Exaptation of the Guitar

Michael Garfield
11 min readDec 14, 2022

On Evolution, Improvisation, Music, and Art

Picasso — The Guitar Player

In all the years I studied evolutionary biology in school, there was one word I can hardly believe I didn’t learn. It figures so prominently into my understanding of the evolutionary process and creativity in general that I am amazed it isn’t in the lexicon of every biology student (much less the whole human race, for we all are students — if not outright disciples — of biology, in one way or another). It so neatly rebuts some of the flawed interpretations of evolution that so fetter our culture’s full appreciation of its beauty. And it also has a growing personal significance for me and the way I understand the whole cosmic creative affair — not just as it operates on the unfurling and ever-editing of genetic material.

I understand my own role as a musician and songwriter as it appears within the context of a unified and harmonic universe, as a gesture of the same omnipotent principles that express everything. As a spark of the bonfire of the Big Bang, I burn as the same flame that sings at every scale. So whenever I can get my head around a new biological concept, it shivers my entire grasp of what it means to be and do life and art. The word I wish I’d learned in college continues to yield to my contemplation, rewarding me with an ever-subtler appreciation of living as a human artist.

And like all really good words, it’s the quickest way short of telepathy to communicate something truly tremendous, something that fought through the haze of the barely imaginable for years before it landed in our world with a faerie footstep. To me, a word is the faint reduction, the tiniest tip of a flaming angelic archetype, the tendrilous extension of its infinite body reaching into the limit of our low-resolution physical world. I love words for this reason: because each is one voice in the hill of voices on which we live our lives. Each word is the toeprint of something much larger and more foliate than we can even know from the perspective of a human brain.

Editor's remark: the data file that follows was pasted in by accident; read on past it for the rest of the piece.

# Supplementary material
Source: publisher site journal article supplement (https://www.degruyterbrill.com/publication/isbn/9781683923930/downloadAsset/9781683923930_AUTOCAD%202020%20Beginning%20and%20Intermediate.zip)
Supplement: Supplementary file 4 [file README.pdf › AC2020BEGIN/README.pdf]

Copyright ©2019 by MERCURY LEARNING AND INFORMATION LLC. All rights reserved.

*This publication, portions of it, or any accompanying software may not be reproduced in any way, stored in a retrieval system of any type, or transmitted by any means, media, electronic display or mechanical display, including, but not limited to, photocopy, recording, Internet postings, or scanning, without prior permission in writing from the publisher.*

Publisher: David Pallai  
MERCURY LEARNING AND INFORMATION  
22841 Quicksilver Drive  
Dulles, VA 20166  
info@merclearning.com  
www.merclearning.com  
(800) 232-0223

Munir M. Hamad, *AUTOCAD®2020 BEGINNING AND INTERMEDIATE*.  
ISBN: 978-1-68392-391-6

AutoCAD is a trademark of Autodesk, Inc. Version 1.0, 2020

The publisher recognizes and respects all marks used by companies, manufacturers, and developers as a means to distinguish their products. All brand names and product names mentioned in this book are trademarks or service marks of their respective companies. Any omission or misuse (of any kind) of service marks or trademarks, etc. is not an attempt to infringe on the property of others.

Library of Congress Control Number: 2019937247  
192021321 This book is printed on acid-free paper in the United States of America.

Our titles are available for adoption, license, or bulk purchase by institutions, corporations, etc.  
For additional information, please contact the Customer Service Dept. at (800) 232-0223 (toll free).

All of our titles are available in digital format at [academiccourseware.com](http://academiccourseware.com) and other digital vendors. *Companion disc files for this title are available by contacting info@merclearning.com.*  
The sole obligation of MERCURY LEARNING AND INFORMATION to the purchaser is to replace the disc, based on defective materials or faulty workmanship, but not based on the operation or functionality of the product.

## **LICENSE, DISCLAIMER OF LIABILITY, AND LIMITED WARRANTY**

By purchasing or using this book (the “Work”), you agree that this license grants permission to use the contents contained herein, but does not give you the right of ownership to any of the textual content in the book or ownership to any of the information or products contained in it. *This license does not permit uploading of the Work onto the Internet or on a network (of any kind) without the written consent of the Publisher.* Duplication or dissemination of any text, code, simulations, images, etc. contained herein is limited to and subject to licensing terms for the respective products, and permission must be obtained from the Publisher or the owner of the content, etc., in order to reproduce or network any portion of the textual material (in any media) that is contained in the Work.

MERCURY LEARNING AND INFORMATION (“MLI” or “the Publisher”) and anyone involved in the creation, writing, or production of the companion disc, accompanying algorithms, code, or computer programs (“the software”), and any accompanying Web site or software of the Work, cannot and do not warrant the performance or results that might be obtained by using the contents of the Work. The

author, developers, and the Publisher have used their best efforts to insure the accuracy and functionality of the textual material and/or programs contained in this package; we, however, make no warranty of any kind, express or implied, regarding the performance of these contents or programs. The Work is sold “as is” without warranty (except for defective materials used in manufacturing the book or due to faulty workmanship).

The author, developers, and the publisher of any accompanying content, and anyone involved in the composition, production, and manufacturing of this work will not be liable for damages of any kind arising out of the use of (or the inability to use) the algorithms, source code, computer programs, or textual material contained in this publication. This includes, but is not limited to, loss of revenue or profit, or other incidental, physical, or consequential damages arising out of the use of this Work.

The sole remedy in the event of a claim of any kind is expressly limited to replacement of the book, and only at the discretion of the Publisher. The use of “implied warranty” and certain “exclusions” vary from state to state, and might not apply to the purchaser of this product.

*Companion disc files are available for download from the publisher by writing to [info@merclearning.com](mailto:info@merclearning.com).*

For this reason, and because I do insist on my brain’s perspective (most of the time), I am bemused and indignant for not having been given this word sooner; and so part of my motivation for writing about all of this is my desire to set things straight and spread the utility of an excellent construct. But it is also a concession to my idealism, to indulge for a moment in scandalous idolatry of this one facet of the divine. I am giving my proper respects, kissing the toes of whatever hermaphroditic gleaming angel squid, whatever slumber-stirred postmodern ishtadeva explodes fully-formed from the forehead of the word “exaptation.”

In this world, anyway, we owe the legendary paleontologists Stephen Jay Gould and Elizabeth Vrba for “exaptation,” which premiered in their 1982 paper, “Exaptation — A Missing Term In The Science of Form.” Before I can explore the impact of this beautiful and lucid term on my music, I have to savor its Latin etymology (or “the truth of the word”): “ex” as in “out of;” “apt” as in “fitted” (past participle of “apere,” “to fasten”); and “ation” as an action or its consequences.

Exaptation is function following form, making do with the tools at hand, loving the one you’re with. On one end of the spectrum, exaptation is defending yourself with that rock just within reach. On the other end, it is taking the infinite abundance of every superimposed possibility at the root of manifestation, and using it to forget yourself in a world of frustration and constraint. In both cases, the creative medium (the rock, or the pleroma) contains no set of instructions, no essential purpose. It is “good for” whatever it happens to be good for, determined by the tumbling lock of relationship we call natural selection.

Gould took serious issue (in a paper with Richard Lewontin) with the rampant fondness of some other biologists for assigning purpose to the various characteristics of organisms. Even today, decades after Gould wrote so eloquently against it, we read textbooks making dubious claims that a giraffe’s long neck is “for” reaching the high branches of trees and the enormous eye of a giant squid is “for” seeing in the ocean’s darkest depths.

We do this in anthropology, too: any mysterious artifact is immediately declared a religious icon. (It’s become kind of a joke among scholars.) And we can see this at work in our daily lives: we succeed or fail to “make the most” of our convoluted existences, according to what interpretations we inject into them after the fact. It’s little wonder that we immediately assume the religious import of archeological anomalies, when we ourselves are total slaves to the religious impulse, filling every unexplored nook and cranny with the mortar of some stable answer.